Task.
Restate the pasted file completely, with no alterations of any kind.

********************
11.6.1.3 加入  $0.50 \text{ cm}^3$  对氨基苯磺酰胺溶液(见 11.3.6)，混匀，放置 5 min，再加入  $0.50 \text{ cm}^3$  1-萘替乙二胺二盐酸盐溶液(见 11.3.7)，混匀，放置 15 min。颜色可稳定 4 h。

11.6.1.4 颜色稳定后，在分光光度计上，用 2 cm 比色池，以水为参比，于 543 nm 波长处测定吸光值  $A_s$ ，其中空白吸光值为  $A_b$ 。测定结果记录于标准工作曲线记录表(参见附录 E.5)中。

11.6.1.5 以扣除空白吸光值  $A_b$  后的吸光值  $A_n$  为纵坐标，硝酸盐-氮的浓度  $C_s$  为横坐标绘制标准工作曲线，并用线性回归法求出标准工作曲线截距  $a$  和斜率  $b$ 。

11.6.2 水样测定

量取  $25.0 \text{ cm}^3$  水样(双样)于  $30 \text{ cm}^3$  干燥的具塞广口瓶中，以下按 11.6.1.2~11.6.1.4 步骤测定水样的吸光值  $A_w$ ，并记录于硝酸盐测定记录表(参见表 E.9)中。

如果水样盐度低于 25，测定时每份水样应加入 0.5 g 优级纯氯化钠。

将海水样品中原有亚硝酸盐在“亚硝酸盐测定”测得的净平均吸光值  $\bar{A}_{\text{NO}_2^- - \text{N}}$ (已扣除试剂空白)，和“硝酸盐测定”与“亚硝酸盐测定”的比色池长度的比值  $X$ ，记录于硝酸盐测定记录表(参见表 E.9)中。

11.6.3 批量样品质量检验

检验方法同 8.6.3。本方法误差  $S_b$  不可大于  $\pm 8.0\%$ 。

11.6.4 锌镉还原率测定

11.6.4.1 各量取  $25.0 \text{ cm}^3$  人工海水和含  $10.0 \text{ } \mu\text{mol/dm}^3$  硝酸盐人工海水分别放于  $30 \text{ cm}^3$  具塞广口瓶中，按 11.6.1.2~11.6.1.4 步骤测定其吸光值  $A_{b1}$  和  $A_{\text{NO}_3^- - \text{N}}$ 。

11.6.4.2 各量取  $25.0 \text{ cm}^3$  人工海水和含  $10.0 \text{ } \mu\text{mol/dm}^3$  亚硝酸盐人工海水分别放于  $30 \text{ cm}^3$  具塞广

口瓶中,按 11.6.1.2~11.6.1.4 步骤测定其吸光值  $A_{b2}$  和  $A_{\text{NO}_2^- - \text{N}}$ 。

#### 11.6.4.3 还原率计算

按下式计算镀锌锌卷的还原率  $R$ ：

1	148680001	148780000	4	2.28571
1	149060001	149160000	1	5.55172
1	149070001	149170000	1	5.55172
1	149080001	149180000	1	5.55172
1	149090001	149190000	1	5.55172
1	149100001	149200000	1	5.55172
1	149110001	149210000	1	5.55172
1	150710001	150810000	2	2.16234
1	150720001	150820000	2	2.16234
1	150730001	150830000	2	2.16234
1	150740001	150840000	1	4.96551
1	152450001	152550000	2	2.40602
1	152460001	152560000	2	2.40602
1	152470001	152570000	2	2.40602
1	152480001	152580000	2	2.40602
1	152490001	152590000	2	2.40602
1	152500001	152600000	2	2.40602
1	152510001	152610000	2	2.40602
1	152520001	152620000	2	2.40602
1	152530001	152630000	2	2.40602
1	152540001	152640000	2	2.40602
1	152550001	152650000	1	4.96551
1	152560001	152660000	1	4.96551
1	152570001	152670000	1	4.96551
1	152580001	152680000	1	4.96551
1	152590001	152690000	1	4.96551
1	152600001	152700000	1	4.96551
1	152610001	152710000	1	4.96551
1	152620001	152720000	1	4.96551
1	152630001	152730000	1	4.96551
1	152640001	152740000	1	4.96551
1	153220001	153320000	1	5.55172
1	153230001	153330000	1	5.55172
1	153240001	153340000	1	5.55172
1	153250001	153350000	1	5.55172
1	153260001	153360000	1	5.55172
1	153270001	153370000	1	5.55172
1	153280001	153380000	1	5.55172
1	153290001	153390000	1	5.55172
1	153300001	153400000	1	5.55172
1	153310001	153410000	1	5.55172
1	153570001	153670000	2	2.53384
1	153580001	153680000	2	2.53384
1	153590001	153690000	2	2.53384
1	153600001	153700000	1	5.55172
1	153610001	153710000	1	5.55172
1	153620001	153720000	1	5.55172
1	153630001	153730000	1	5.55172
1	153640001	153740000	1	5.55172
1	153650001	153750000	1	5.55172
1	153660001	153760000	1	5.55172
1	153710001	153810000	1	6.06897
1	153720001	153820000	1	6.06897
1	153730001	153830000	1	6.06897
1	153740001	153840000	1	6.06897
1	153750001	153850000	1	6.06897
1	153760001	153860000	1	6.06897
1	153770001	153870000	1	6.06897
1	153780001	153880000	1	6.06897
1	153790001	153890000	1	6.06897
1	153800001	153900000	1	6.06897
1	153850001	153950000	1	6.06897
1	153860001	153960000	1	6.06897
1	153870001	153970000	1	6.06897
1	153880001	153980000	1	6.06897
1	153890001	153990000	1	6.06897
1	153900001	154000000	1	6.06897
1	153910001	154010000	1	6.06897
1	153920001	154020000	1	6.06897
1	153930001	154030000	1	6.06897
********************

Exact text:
11.6.1.3 加入  $0.50 \text{ cm}^3$  对氨基苯磺酰胺溶液(见 11.3.6)，混匀，放置 5 min，再加入  $0.50 \text{ cm}^3$  1-萘替乙二胺二盐酸盐溶液(见 11.3.7)，混匀，放置 15 min。颜色可稳定 4 h。

11.6.1.4 颜色稳定后，在分光光度计上，用 2 cm 比色池，以水为参比，于 543 nm 波长处测定吸光值  $A_s$ ，其中空白吸光值为  $A_b$ 。测定结果记录于标准工作曲线记录表(参见附录 E.5)中。

11.6.1.5 以扣除空白吸光值  $A_b$  后的吸光值  $A_n$  为纵坐标，硝酸盐-氮的浓度  $C_s$  为横坐标绘制标准工作曲线，并用线性回归法求出标准工作曲线截距  $a$  和斜率  $b$ 。

11.6.2 水样测定

量取  $25.0 \text{ cm}^3$  水样(双样)于  $30 \text{ cm}^3$  干燥的具塞广口瓶中，以下按 11.6.1.2~11.6.1.4 步骤测定水样的吸光值  $A_w$ ，并记录于硝酸盐测定记录表(参见表 E.9)中。

如果水样盐度低于 25，测定时每份水样应加入 0.5 g 优级纯氯化钠。

将海水样品中原有亚硝酸盐在“亚硝酸盐测定”测得的净平均吸光值  $\bar{A}_{\text{NO}_2^- - \text{N}}$ (已扣除试剂空白)，和“硝酸盐测定”与“亚硝酸盐测定”的比色池长度的比值  $X$ ，记录于硝酸盐测定记录表(参见表 E.9)中。

11.6.3 批量样品质量检验

检验方法同 8.6.3。本方法误差  $S_b$  不可大于  $\pm 8.0\%$ 。

11.6.4 锌镉还原率测定

11.6.4.1 各量取  $25.0 \text{ cm}^3$  人工海水和含  $10.0 \text{ } \mu\text{mol/dm}^3$  硝酸盐人工海水分别放于  $30 \text{ cm}^3$  具塞广口瓶中，按 11.6.1.2~11.6.1.4 步骤测定其吸光值  $A_{b1}$  和  $A_{\text{NO}_3^- - \text{N}}$ 。

11.6.4.2 各量取  $25.0 \text{ cm}^3$  人工海水和含  $10.0 \text{ } \mu\text{mol/dm}^3$  亚硝酸盐人工海水分别放于  $30 \text{ cm}^3$  具塞广

口瓶中,按 11.6.1.2~11.6.1.4 步骤测定其吸光值  $A_{b2}$  和  $A_{\text{NO}_2^- - \text{N}}$ 。

#### 11.6.4.3 还原率计算

按下式计算镀锌锌卷的还原率  $R$ ：

1	148680001	148780000	4	2.28571
1	149060001	149160000	1	5.55172
1	149070001	149170000	1	5.55172
1	149080001	149180000	1	5.55172
1	149090001	149190000	1	5.55172
1	149100001	149200000	1	5.55172
1	149110001	149210000	1	5.55172
1	150710001	150810000	2	2.16234
1	150720001	150820000	2	2.16234
1	150730001	150830000	2	2.16234
1	150740001	150840000	1	4.96551
1	152450001	152550000	2	2.40602
1	152460001	152560000	2	2.40602
1	152470001	152570000	2	2.40602
1	152480001	152580000	2	2.40602
1	152490001	152590000	2	2.40602
1	152500001	152600000	2	2.40602
1	152510001	152610000	2	2.40602
1	152520001	152620000	2	2.40602
1	152530001	152630000	2	2.40602
1	152540001	152640000	2	2.40602
1	152550001	152650000	1	4.96551
1	152560001	152660000	1	4.96551
1	152570001	152670000	1	4.96551
1	152580001	152680000	1	4.96551
1	152590001	152690000	1	4.96551
1	152600001	152700000	1	4.96551
1	152610001	152710000	1	4.96551
1	152620001	152720000	1	4.96551
1	152630001	152730000	1	4.96551
1	152640001	152740000	1	4.96551
1	153220001	153320000	1	5.55172
1	153230001	153330000	1	5.55172
1	153240001	153340000	1	5.55172
1	153250001	153350000	1	5.55172
1	153260001	153360000	1	5.55172
1	153270001	153370000	1	5.55172
1	153280001	153380000	1	5.55172
1	153290001	153390000	1	5.55172
1	153300001	153400000	1	5.55172
1	153310001	153410000	1	5.55172
1	153570001	153670000	2	2.53384
1	153580001	153680000	2	2.53384
1	153590001	153690000	2	2.53384
1	153600001	153700000	1	5.55172
1	153610001	153710000	1	5.55172
1	153620001	153720000	1	5.55172
1	153630001	153730000	1	5.55172
1	153640001	153740000	1	5.55172
1	153650001	153750000	1	5.55172
1	153660001	153760000	1	5.55172
1	153710001	153810000	1	6.06897
1	153720001	153820000	1	6.06897
1	153730001	153830000	1	6.06897
1	153740001	153840000	1	6.06897
1	153750001	153850000	1	6.06897
1	153760001	153860000	1	6.06897
1	153770001	153870000	1	6.06897
1	153780001	153880000	1	6.06897
1	153790001	153890000	1	6.06897
1	153800001	153900000	1	6.06897
1	153850001	153950000	1	6.06897
1	153860001	153960000	1	6.06897
1	153870001	153970000	1	6.06897
1	153880001	153980000	1	6.06897
1	153890001	153990000	1	6.06897
1	153900001	154000000	1	6.06897
1	153910001	154010000	1	6.06897
1	153920001	154020000	1	6.06897
1	153930001	154030000	1	6.06897